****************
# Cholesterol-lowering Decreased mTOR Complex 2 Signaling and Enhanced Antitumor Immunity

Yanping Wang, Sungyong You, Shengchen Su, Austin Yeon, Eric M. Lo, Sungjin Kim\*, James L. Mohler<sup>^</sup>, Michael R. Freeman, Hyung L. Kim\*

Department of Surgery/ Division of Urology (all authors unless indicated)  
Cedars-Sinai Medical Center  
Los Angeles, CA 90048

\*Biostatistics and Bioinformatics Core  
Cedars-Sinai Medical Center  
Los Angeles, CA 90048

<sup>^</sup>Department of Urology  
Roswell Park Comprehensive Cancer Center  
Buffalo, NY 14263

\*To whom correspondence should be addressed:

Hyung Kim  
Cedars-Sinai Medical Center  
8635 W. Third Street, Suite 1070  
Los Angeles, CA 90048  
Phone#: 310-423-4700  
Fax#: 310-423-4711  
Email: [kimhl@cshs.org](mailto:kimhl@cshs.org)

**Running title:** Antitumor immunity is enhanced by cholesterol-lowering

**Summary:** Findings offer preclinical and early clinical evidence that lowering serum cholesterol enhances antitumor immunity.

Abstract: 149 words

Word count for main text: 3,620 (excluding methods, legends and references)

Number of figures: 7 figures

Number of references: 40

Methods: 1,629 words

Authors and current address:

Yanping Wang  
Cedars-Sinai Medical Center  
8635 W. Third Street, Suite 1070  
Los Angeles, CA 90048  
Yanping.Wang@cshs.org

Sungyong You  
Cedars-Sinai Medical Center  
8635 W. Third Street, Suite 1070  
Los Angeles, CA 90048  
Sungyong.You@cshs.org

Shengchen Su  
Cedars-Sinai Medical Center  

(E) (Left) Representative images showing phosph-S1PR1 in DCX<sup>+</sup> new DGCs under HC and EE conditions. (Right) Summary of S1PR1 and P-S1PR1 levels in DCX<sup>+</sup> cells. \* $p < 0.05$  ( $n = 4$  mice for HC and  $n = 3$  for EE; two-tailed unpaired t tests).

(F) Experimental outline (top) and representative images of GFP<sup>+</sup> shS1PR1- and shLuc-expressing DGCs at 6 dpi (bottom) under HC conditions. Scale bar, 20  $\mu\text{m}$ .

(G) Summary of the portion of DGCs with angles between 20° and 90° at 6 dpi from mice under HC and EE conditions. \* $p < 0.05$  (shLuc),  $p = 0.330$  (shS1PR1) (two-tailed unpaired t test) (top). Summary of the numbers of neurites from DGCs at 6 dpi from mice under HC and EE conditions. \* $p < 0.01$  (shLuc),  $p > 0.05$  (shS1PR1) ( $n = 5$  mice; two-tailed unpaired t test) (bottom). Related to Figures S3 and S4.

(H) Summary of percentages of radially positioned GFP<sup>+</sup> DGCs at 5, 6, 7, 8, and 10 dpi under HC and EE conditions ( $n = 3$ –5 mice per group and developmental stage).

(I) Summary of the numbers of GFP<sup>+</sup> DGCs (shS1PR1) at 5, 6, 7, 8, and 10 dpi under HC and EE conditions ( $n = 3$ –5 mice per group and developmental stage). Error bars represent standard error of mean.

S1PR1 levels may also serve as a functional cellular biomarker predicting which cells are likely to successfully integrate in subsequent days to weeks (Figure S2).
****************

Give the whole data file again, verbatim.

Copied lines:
# Cholesterol-lowering Decreased mTOR Complex 2 Signaling and Enhanced Antitumor Immunity

Yanping Wang, Sungyong You, Shengchen Su, Austin Yeon, Eric M. Lo, Sungjin Kim\*, James L. Mohler<sup>^</sup>, Michael R. Freeman, Hyung L. Kim\*

Department of Surgery/ Division of Urology (all authors unless indicated)  
Cedars-Sinai Medical Center  
Los Angeles, CA 90048

\*Biostatistics and Bioinformatics Core  
Cedars-Sinai Medical Center  
Los Angeles, CA 90048

<sup>^</sup>Department of Urology  
Roswell Park Comprehensive Cancer Center  
Buffalo, NY 14263

\*To whom correspondence should be addressed:

Hyung Kim  
Cedars-Sinai Medical Center  
8635 W. Third Street, Suite 1070  
Los Angeles, CA 90048  
Phone#: 310-423-4700  
Fax#: 310-423-4711  
Email: [kimhl@cshs.org](mailto:kimhl@cshs.org)

**Running title:** Antitumor immunity is enhanced by cholesterol-lowering

**Summary:** Findings offer preclinical and early clinical evidence that lowering serum cholesterol enhances antitumor immunity.

Abstract: 149 words

Word count for main text: 3,620 (excluding methods, legends and references)

Number of figures: 7 figures

Number of references: 40

Methods: 1,629 words

Authors and current address:

Yanping Wang  
Cedars-Sinai Medical Center  
8635 W. Third Street, Suite 1070  
Los Angeles, CA 90048  
Yanping.Wang@cshs.org

Sungyong You  
Cedars-Sinai Medical Center  
8635 W. Third Street, Suite 1070  
Los Angeles, CA 90048  
Sungyong.You@cshs.org

Shengchen Su  
Cedars-Sinai Medical Center  

(E) (Left) Representative images showing phosph-S1PR1 in DCX<sup>+</sup> new DGCs under HC and EE conditions. (Right) Summary of S1PR1 and P-S1PR1 levels in DCX<sup>+</sup> cells. \* $p < 0.05$  ( $n = 4$  mice for HC and  $n = 3$  for EE; two-tailed unpaired t tests).

(F) Experimental outline (top) and representative images of GFP<sup>+</sup> shS1PR1- and shLuc-expressing DGCs at 6 dpi (bottom) under HC conditions. Scale bar, 20  $\mu\text{m}$ .

(G) Summary of the portion of DGCs with angles between 20° and 90° at 6 dpi from mice under HC and EE conditions. \* $p < 0.05$  (shLuc),  $p = 0.330$  (shS1PR1) (two-tailed unpaired t test) (top). Summary of the numbers of neurites from DGCs at 6 dpi from mice under HC and EE conditions. \* $p < 0.01$  (shLuc),  $p > 0.05$  (shS1PR1) ( $n = 5$  mice; two-tailed unpaired t test) (bottom). Related to Figures S3 and S4.

(H) Summary of percentages of radially positioned GFP<sup>+</sup> DGCs at 5, 6, 7, 8, and 10 dpi under HC and EE conditions ( $n = 3$ –5 mice per group and developmental stage).

(I) Summary of the numbers of GFP<sup>+</sup> DGCs (shS1PR1) at 5, 6, 7, 8, and 10 dpi under HC and EE conditions ( $n = 3$ –5 mice per group and developmental stage). Error bars represent standard error of mean.

S1PR1 levels may also serve as a functional cellular biomarker predicting which cells are likely to successfully integrate in subsequent days to weeks (Figure S2).